phonetic recalibration

Speech perception and generalization across talkers

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We recently submitted a research review on “Speech perception and generalization across talkers and accents“, which provides an overview of the critical concepts and debates in this domain of research. This manuscript is still under review, but we wanted to share the current version. Of couse, feedback is always welcome.

In this paper, we review the mixture of processes that enable robust understanding of speech across talkers despite the lack of invariance. These processes include (i) automatic pre-speech adjustments of the distribution of energy over acoustic frequencies (normalization); (ii) sensitivity to category-relevant acoustic cues that are invariant across talkers (acoustic invariance); (iii) sensitivity to articulatory/gestural cues, which can be perceived directly (audio-visual integration) or recovered from the acoustic signal (articulatory recovery); (iv) implicit statistical learning of talker-specific properties (adaptation, perceptual recalibration); and (v) the use of past experiences (e.g., specific exemplars) and structured knowledge about pronunciation variation (e.g., patterns of variation that exist across talkers with the same accent) to guide speech perception (exemplar-based recognition, generalization).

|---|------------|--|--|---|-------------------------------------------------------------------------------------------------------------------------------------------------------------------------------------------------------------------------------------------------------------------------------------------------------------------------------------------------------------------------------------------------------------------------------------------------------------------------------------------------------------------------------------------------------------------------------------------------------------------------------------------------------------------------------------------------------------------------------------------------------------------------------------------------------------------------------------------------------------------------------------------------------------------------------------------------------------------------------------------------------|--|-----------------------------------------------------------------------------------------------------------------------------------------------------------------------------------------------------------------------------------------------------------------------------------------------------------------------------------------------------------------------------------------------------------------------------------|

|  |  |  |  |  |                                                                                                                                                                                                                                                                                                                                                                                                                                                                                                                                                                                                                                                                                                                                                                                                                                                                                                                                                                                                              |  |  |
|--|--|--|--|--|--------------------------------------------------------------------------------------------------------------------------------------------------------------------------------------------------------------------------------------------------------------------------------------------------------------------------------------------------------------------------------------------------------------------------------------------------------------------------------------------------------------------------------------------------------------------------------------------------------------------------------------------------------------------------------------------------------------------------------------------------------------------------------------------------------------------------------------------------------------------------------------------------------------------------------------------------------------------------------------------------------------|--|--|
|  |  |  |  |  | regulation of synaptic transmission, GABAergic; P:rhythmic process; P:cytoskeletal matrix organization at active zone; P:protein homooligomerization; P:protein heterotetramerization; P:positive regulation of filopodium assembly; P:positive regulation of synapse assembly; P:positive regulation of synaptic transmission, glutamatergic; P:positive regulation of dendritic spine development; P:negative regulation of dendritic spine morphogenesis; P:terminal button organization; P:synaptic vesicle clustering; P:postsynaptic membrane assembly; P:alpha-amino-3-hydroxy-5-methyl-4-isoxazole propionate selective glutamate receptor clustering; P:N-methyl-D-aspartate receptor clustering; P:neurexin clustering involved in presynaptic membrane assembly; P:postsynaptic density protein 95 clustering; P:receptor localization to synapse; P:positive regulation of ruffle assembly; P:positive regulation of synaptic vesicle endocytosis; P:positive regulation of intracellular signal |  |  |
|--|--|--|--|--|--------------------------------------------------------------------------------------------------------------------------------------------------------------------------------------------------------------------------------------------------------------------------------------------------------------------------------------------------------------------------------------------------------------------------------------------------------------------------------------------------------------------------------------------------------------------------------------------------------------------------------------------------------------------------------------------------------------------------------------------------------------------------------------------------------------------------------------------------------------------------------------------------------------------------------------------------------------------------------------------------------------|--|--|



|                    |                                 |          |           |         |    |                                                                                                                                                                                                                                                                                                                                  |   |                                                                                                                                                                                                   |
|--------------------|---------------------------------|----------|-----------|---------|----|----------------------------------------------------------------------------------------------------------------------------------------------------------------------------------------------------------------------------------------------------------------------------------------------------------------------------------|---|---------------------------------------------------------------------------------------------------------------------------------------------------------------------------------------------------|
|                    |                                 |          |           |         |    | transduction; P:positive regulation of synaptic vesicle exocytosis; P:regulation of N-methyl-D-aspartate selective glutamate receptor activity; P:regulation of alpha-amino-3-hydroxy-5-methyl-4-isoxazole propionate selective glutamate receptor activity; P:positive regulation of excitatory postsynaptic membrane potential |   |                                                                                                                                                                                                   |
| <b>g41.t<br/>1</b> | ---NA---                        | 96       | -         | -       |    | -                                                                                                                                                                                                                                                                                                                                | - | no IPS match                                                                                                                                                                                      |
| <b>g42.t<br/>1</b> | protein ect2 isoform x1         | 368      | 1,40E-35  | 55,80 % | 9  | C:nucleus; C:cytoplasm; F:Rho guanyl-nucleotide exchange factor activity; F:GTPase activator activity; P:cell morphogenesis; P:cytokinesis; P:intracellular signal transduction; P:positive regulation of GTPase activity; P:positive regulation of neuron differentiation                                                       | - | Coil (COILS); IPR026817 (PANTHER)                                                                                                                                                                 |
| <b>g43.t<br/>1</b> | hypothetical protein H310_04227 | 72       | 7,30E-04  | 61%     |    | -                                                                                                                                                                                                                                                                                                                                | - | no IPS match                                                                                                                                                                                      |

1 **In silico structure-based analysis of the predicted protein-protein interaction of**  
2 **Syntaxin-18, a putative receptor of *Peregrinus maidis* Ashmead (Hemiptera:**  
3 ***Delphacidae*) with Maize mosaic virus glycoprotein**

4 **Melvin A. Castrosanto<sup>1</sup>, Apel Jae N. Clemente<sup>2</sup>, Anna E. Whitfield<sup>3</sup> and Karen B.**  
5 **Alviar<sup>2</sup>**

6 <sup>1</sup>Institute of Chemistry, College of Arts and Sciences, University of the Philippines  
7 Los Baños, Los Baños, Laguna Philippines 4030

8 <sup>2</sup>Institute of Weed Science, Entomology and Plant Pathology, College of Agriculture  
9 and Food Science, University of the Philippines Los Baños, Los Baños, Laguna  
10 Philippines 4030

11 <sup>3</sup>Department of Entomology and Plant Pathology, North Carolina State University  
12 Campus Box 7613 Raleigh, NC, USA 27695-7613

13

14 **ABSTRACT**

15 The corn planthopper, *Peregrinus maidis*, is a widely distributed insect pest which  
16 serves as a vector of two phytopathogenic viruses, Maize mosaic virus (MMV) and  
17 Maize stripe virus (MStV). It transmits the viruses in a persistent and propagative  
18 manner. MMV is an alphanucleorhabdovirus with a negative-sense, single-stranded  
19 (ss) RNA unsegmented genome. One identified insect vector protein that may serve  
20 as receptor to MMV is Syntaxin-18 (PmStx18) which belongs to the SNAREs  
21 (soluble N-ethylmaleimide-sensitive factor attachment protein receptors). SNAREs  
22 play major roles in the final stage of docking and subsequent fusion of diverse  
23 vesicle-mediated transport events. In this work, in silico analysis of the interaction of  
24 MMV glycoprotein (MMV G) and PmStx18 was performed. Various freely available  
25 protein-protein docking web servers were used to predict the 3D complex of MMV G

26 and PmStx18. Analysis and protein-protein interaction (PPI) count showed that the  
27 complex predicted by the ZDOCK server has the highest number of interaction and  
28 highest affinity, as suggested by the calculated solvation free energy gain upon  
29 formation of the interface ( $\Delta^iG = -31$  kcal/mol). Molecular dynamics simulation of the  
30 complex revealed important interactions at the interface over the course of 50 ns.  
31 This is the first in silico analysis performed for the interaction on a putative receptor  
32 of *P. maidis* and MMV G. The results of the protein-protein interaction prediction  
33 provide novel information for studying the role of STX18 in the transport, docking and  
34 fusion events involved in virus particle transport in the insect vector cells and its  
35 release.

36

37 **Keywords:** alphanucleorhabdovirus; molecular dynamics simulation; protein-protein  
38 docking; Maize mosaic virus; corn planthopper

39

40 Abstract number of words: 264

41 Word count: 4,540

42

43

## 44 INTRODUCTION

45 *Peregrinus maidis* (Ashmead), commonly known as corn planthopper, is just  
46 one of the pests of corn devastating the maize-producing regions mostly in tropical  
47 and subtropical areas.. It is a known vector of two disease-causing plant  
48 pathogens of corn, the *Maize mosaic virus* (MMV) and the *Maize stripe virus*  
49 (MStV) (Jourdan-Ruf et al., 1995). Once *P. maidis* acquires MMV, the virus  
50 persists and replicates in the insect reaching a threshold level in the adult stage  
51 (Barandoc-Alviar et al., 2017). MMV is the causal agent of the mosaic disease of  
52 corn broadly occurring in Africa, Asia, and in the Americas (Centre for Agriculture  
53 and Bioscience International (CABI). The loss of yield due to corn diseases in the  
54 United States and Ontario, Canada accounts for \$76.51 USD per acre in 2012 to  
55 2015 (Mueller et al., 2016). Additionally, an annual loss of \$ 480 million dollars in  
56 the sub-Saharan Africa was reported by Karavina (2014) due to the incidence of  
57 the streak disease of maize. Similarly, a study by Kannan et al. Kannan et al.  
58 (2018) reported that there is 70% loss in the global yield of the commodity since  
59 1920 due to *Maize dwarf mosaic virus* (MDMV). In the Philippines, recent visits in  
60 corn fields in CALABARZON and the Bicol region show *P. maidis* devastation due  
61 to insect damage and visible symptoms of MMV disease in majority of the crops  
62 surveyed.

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Congratulations: NSF Graduate Fellowships

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Congratulations to Dave Kleinschmidt for receiving a NSF Graduate Fellowship for his work on computational models of phonological category acquisition and phonological adaptation. Congratulations also to Esteban Buz for an honorable mention and excellent reviews for his work on using the iterative artificial language learning paradigm to study language change and the morpho-syntactic level.

Dave just finished a write-up of the first steps in his research on phonological adaptation. As soon as the reviewer comments are in, we will post the paper for comments on

Update 11/30/11: Dave’s paper is now available on

Congratulations to Dave for receiving an honorable mention for the Best Student Paper award at the ACL workshop. An update on this paper won the Best Student Talk at AMLaP 2011, Paris, France.